In summary, we have described three patients with an unusual change in predominant pathological affect following pharmacologic intervention and have suggested possible explanations to account for the phenomenon. The cases raise intriguing questions regarding the nature and course of pathological affect, effects of pharmacologic treatment, and relationship to other neuropsychiatric syndromes, such as depression. Prospective study of the syndrome across neurological illnesses, using careful definitions for pathological laughing and crying, will further elucidate the clinical changes observed in our cases.

The authors thank Marek Gawel, M.D., F.R.C.P.C., and Myrna Moore, B.Sc., R.N., of the Sunnybrook Hospital Neuromuscular Disorders Clinic for referring these patients to us.

Dark FL, McGrath JJ, Ron MA: Pathological laughing and crying. Aust NZ J Psychiatry  1996; 30:472—479
[CrossRef]
 
Gallagher JP: Pathologic laughter and crying in ALS: a search for their origin. Acta Neurol Scand  1989; 80:114—117
[CrossRef] | [PubMed]
 
Schiffer RB, Herndon RM, Rudick RA: Treatment of pathological laughing and weeping with amitriptyline. N Engl J Med 1985; 312:1480—  1482
 
Robinson RG, Parikh RM, Lipsey JR, et al: PLC following stroke: validation of a measurement scale and double-blind treatment study. Am J Psychiatry  1993; 150:286—293
[PubMed]
 
Anderson G, Vestergaard K, Riis JO: Citalopram for post-stroke pathological crying. Lancet  1993; 342:837—839
[CrossRef] | [PubMed]
 
Wilson SAK: Some problems in neurology, II: pathological laughing and crying. J Neurol Psychopathol 1924; 4:1299—  1333
 
Poeck K: Pathophysiology of emotional disorders associated with brain damage, in Handbook of Clinical Neurology, vol 3, edited by Vinken PJ, Bruyn GW. Amsterdam, North-Holland, 1969, pp 343—367
 
House A, Martin D, Molyneux A, et al: Emotionalism after stroke. BMJ  1989; 298:991—994
[CrossRef] | [PubMed]
 
Feinstein A, Feinstein K, Gray T, et al: Prevalence and neurobehavioral correlates of PLC in multiple sclerosis. Arch Neurol 1997; 54:1116—  1121
 
Folstein MF, Folstein SE, McHugh PR: "Mini-Mental State": a practical method for grading the mental state of patients. J Psychiatr Res  1975; 12:189—198
[CrossRef] | [PubMed]
 
Udaka F, Satoshi Y, Nagata H, et al: PLC treated with levodopa. Arch Neurol 1984; 41:1095—  1096
 
Kim JS: Pathological laughter after unilateral stroke. J Neurol Sci  1997; 148:121—125
[CrossRef] | [PubMed]
 
Anderson G: Post-stroke depression and pathological crying. Aphasiology  1997; 11:651—664
[CrossRef]
 
Panzer MJ, Mellow AM: Antidepressant treatment of PLC in elderly stroke patients. J Geriatr Psychiatry Neurol  1992; 4:195—199
 
Ross ED, Stewart RS: Pathological display of affect in patients with depression and right frontal brain damage: an alternative mechanism. J Nerv Ment Dis  1987; 175:165—172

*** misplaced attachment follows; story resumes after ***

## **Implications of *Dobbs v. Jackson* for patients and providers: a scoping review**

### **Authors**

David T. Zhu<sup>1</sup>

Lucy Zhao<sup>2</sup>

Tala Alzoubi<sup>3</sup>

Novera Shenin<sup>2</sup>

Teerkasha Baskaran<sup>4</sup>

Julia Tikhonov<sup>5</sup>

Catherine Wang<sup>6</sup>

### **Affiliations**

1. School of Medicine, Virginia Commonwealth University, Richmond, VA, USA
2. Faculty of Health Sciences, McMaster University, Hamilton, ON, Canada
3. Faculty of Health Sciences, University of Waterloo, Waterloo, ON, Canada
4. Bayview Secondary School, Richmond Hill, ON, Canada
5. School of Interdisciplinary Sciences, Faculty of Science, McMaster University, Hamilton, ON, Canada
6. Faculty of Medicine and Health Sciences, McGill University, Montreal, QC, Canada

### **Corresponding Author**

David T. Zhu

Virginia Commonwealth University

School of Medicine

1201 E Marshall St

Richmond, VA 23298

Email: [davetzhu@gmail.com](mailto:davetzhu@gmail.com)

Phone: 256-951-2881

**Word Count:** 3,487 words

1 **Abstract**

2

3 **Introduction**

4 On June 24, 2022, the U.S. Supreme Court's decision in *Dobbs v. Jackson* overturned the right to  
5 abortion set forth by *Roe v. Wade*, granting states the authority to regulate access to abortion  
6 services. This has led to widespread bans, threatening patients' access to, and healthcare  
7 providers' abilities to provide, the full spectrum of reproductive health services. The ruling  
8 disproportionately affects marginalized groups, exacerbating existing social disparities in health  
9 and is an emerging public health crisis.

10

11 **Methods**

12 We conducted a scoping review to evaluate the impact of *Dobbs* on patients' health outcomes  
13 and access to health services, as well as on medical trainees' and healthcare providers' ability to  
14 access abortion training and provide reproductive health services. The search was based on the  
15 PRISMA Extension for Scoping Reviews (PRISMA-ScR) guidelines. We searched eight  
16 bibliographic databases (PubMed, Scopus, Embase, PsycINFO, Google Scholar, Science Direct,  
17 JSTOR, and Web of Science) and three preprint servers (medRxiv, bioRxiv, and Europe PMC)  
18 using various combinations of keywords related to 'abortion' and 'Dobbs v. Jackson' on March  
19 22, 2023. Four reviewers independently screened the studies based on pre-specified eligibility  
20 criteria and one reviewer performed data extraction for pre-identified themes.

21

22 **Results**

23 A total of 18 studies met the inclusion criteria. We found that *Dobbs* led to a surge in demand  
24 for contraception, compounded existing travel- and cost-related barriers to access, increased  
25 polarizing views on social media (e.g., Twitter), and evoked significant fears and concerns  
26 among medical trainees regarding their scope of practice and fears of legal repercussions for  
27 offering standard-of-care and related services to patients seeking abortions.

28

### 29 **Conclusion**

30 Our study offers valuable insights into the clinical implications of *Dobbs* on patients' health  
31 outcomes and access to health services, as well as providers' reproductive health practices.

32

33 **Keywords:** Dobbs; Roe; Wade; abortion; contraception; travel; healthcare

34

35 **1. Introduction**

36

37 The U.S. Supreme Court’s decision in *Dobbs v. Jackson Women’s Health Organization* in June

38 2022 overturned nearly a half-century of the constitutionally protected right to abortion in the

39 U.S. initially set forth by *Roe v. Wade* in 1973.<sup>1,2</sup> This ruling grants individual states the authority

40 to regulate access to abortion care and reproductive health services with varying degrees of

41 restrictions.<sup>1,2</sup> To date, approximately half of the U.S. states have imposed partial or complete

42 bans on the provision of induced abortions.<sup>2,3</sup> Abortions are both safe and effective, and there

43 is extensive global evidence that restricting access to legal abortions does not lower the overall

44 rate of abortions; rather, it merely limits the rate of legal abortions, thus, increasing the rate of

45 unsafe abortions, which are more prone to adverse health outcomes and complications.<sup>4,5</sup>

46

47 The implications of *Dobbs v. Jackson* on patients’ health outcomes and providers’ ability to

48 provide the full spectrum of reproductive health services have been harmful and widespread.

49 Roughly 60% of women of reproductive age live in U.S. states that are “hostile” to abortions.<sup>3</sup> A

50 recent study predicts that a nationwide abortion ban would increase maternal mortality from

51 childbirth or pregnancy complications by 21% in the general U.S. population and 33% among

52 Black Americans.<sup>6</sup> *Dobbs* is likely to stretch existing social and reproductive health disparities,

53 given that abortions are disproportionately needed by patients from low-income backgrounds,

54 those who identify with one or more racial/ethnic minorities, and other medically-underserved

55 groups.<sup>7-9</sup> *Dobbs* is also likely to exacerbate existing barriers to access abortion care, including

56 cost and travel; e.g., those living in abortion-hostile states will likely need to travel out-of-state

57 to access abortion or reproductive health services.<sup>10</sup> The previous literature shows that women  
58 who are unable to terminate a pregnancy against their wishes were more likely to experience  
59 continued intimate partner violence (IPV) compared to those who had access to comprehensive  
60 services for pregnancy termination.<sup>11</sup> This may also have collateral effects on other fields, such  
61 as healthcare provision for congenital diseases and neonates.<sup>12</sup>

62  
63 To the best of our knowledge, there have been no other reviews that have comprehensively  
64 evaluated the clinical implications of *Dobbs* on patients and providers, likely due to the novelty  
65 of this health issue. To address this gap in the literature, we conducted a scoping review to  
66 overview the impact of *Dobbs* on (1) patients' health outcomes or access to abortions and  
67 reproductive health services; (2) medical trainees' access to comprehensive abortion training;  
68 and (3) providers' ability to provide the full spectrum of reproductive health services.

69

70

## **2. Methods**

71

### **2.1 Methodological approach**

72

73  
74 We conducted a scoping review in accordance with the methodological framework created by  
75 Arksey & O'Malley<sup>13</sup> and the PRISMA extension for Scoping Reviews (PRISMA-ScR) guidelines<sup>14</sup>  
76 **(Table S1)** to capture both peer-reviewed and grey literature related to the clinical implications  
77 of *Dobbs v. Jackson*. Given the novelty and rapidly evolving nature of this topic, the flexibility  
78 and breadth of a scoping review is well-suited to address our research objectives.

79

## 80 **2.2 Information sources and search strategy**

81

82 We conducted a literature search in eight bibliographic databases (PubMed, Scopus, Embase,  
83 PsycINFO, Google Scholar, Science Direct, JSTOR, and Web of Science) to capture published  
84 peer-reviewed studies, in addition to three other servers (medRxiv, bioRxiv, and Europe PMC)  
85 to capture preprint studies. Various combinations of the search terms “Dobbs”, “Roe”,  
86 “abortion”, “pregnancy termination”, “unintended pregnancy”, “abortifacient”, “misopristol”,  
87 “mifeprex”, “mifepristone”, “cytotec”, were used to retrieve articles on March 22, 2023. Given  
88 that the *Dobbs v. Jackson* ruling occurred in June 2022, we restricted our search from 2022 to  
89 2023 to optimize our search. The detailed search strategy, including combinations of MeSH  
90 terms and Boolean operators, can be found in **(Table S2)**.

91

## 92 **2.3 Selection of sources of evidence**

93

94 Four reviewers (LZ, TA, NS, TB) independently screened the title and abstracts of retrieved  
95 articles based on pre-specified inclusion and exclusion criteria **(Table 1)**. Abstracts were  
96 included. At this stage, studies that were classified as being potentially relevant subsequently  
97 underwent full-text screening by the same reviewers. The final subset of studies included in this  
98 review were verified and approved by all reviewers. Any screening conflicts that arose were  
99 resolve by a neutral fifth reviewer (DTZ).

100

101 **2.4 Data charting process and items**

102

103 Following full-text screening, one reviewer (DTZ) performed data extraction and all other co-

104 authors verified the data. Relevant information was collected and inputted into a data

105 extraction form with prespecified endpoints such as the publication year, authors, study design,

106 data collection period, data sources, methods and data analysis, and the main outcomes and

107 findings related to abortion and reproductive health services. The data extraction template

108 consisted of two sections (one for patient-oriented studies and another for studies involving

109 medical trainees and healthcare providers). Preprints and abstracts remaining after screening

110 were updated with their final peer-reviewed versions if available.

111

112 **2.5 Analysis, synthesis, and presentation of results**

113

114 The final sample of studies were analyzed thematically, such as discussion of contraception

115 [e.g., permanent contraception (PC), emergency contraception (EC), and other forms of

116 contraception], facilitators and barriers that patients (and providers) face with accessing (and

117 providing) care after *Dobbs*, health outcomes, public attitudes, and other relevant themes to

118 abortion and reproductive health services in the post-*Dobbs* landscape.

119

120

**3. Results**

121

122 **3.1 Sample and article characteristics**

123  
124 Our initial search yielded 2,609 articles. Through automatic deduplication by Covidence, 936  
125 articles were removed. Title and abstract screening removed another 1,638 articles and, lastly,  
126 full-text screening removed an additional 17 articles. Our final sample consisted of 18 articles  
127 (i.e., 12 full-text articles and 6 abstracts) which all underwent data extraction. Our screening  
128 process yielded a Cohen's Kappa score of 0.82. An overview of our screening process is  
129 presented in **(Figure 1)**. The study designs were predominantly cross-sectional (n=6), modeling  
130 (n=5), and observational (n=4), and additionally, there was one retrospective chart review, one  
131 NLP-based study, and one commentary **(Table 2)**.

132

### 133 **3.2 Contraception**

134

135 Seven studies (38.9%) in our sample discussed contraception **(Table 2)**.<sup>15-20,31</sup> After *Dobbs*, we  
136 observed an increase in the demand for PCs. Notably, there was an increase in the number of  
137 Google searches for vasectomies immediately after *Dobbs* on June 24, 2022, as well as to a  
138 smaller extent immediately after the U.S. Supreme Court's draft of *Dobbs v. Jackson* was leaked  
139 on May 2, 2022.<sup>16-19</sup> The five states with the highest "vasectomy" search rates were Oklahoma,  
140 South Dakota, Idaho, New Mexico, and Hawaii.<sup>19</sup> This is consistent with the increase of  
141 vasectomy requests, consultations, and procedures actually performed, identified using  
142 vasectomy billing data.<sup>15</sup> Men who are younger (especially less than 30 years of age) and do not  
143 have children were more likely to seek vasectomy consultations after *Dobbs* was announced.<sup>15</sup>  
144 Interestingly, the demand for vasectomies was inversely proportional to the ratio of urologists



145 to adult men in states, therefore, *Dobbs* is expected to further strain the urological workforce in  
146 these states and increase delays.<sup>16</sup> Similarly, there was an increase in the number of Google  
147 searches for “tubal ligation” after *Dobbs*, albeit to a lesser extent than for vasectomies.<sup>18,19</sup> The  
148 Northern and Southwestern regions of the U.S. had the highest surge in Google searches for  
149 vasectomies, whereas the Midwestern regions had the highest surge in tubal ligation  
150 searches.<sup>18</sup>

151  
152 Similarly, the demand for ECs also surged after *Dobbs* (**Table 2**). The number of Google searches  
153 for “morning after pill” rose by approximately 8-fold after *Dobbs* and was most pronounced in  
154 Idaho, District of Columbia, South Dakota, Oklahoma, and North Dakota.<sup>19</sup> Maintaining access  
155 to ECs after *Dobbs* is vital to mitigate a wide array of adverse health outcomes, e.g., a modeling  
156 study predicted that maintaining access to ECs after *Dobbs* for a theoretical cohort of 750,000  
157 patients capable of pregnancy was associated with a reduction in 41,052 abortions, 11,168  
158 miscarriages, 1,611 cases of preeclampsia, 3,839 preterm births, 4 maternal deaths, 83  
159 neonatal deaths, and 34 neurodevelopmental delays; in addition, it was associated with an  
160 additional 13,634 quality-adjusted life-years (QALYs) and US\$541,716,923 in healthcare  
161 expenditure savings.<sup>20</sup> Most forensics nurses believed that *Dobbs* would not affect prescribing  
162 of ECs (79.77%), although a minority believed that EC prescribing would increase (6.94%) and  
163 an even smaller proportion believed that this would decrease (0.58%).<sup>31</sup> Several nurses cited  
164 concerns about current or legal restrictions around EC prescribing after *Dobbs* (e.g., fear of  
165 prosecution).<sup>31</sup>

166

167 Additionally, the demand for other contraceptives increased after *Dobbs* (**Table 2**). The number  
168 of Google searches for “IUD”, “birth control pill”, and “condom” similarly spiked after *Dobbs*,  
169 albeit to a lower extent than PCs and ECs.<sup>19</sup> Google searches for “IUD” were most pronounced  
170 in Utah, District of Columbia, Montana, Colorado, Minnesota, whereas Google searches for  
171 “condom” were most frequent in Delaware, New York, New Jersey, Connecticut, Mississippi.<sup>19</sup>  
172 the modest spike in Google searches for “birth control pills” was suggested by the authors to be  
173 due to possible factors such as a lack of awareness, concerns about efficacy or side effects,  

[CrossRef] | [PubMed]
 
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References

Dark FL, McGrath JJ, Ron MA: Pathological laughing and crying. Aust NZ J Psychiatry  1996; 30:472—479
[CrossRef]
 
Gallagher JP: Pathologic laughter and crying in ALS: a search for their origin. Acta Neurol Scand  1989; 80:114—117
[CrossRef] | [PubMed]
 
Schiffer RB, Herndon RM, Rudick RA: Treatment of pathological laughing and weeping with amitriptyline. N Engl J Med 1985; 312:1480—  1482
 
Robinson RG, Parikh RM, Lipsey JR, et al: PLC following stroke: validation of a measurement scale and double-blind treatment study. Am J Psychiatry  1993; 150:286—293
[PubMed]
 
Anderson G, Vestergaard K, Riis JO: Citalopram for post-stroke pathological crying. Lancet  1993; 342:837—839
[CrossRef] | [PubMed]
 
Wilson SAK: Some problems in neurology, II: pathological laughing and crying. J Neurol Psychopathol 1924; 4:1299—  1333
 
Poeck K: Pathophysiology of emotional disorders associated with brain damage, in Handbook of Clinical Neurology, vol 3, edited by Vinken PJ, Bruyn GW. Amsterdam, North-Holland, 1969, pp 343—367
 
House A, Martin D, Molyneux A, et al: Emotionalism after stroke. BMJ  1989; 298:991—994
[CrossRef] | [PubMed]
 
Feinstein A, Feinstein K, Gray T, et al: Prevalence and neurobehavioral correlates of PLC in multiple sclerosis. Arch Neurol 1997; 54:1116—  1121
 
Folstein MF, Folstein SE, McHugh PR: "Mini-Mental State": a practical method for grading the mental state of patients. J Psychiatr Res  1975; 12:189—198
[CrossRef] | [PubMed]
 
Udaka F, Satoshi Y, Nagata H, et al: PLC treated with levodopa. Arch Neurol 1984; 41:1095—  1096
 
Kim JS: Pathological laughter after unilateral stroke. J Neurol Sci  1997; 148:121—125
[CrossRef] | [PubMed]
 
Anderson G: Post-stroke depression and pathological crying. Aphasiology  1997; 11:651—664
[CrossRef]
 
Panzer MJ, Mellow AM: Antidepressant treatment of PLC in elderly stroke patients. J Geriatr Psychiatry Neurol  1992; 4:195—199
 
Ross ED, Stewart RS: Pathological display of affect in patients with depression and right frontal brain damage: an alternative mechanism. J Nerv Ment Dis  1987; 175:165—172
[CrossRef] | [PubMed]